The chain barbershop/salon that I worked for, in my opinion, had very unrealistic expectations from me as a barber in that I felt that the company generally budgeted too little time for me to render all of the company proscribed services to a patron. For example, I was budgeted a half-hour to:
(1) conduct a hair-cut consultation and then cut a patrons hair regardless of length or style more or less with exception to what the company referred to as "skin-fades";
(2) give each client a "massage shampoo";
(3) give each client a shoulder massage with an electrical vibrating massager;
(4) give every adult client a hot lather, straight razor neck shave;
(5) sanitize hands between each client;
(6) retrieve broom and dustpan to sweep up hair after each client;
(7) sanitize and/or sterilize tools (barber chair, combs, brushes, razors, etc.) prior to use on clients;
(8) style the client's hair after the haircut, ideally using some product that is available for sale at check-out counter;
(9) and escort each client to customer service person to be checked out, which often meant waiting with the client until patrons serviced by other operators were checked out.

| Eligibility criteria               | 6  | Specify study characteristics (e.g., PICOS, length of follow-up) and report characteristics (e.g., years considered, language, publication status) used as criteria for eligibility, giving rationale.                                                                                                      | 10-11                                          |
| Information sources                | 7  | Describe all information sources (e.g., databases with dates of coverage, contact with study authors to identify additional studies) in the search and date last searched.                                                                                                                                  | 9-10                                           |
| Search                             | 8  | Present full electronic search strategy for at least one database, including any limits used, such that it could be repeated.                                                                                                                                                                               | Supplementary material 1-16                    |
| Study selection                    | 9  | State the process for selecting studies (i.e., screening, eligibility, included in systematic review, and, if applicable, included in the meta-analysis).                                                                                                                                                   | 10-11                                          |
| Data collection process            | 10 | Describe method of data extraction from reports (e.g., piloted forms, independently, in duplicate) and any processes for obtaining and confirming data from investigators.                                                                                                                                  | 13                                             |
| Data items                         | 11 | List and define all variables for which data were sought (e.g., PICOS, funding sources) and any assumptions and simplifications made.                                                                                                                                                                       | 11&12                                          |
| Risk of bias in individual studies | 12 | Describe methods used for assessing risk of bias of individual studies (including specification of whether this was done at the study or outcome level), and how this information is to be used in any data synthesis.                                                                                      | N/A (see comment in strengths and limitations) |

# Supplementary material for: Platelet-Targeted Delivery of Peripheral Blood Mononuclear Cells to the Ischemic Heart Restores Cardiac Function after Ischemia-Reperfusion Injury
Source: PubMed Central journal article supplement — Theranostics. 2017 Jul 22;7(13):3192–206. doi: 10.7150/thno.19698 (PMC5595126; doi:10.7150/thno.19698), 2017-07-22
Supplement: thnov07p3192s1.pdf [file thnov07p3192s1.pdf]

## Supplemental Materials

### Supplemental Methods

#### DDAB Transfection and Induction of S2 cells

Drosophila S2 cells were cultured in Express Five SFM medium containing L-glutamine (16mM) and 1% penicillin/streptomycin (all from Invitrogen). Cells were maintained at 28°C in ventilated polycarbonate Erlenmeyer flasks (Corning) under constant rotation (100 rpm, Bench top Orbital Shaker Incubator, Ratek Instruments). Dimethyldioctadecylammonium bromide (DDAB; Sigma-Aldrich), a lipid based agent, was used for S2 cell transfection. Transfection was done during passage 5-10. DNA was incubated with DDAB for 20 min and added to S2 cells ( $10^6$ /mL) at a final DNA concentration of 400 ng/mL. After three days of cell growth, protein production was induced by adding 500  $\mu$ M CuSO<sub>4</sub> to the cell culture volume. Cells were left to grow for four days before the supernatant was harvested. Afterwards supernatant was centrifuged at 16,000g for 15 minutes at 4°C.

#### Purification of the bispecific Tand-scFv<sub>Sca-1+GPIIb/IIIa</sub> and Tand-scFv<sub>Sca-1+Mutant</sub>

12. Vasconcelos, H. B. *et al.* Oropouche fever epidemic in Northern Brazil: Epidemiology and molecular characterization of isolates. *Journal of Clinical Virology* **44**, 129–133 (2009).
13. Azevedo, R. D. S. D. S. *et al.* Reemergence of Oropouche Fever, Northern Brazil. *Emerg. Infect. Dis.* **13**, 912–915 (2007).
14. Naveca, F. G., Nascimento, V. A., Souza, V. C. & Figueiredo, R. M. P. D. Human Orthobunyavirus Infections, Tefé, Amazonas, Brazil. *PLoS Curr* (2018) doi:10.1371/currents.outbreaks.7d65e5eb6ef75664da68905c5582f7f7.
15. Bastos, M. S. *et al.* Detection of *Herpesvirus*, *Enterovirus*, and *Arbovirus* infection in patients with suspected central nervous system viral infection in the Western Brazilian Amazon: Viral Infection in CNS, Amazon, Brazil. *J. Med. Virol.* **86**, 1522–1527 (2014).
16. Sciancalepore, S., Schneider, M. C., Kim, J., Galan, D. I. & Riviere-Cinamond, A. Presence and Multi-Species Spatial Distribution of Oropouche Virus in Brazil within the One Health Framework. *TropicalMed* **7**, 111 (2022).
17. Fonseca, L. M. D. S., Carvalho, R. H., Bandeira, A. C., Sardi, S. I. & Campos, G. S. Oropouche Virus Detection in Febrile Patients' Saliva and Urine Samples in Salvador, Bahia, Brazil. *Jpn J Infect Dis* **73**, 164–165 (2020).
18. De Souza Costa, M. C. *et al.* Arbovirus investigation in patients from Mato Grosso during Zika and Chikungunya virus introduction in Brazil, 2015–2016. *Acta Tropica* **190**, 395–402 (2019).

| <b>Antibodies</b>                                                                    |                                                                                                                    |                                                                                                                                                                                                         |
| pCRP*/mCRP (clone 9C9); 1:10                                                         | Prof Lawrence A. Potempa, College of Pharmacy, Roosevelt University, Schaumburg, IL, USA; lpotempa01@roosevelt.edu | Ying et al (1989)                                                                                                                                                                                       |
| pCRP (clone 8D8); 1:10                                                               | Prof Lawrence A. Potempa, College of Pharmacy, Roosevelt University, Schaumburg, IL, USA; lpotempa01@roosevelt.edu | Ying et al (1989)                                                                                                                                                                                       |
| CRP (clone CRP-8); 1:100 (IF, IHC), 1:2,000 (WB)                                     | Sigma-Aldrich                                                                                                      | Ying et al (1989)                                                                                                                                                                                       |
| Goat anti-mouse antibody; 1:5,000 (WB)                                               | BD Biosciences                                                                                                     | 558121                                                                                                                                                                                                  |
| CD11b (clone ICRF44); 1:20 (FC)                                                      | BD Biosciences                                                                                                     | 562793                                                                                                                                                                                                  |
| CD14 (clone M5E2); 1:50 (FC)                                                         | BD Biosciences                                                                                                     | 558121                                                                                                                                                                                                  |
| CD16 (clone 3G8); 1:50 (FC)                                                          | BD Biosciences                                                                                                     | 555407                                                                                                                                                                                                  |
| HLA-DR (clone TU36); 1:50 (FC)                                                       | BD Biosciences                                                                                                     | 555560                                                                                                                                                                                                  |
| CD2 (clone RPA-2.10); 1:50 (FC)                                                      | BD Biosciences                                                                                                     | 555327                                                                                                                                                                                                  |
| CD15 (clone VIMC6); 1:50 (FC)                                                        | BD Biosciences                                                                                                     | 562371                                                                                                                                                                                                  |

All of the aforementioned service was to be provided a price point that was in my estimation about 15-20% less than what the average men's haircut cost at other comparable barbershops in the area. Consequently, I observed almost every other operator cutting corners to keep up. Keeping up for some operators seemed to mean everything from forgoing sweeping, allowing hair from multiple patrons to pile up under their barber chairs to just about every other shortcut you can imagine including at times what I would consider really bad haircuts. Mostly, the operators seem to skimp on protocols or things required by the company but that would generally go unnoticed by the patron.
In the automotive production time-studies, a protocol usually performed by engineers, were conducted to determine if all the elements of a man assignment could indeed be effectively, ergonomically, and safely, performed within a certain time frame. I doubt that the nine plus company required elements above could be consistently performed in the thirty minutes I was allotted. My manager at the chain barbershop was basically scheduling hair cut appointments every half-hour. One co-worker, we will call Helen told me that she worked at another chain salon wherein the average hair cut time had to be seventeen minutes or less, so I think that just about all such chain style hair cutting places will have aggressive and ridged time constraints on hair cut services, but what else gets cut besides hair is concerning in my opinion.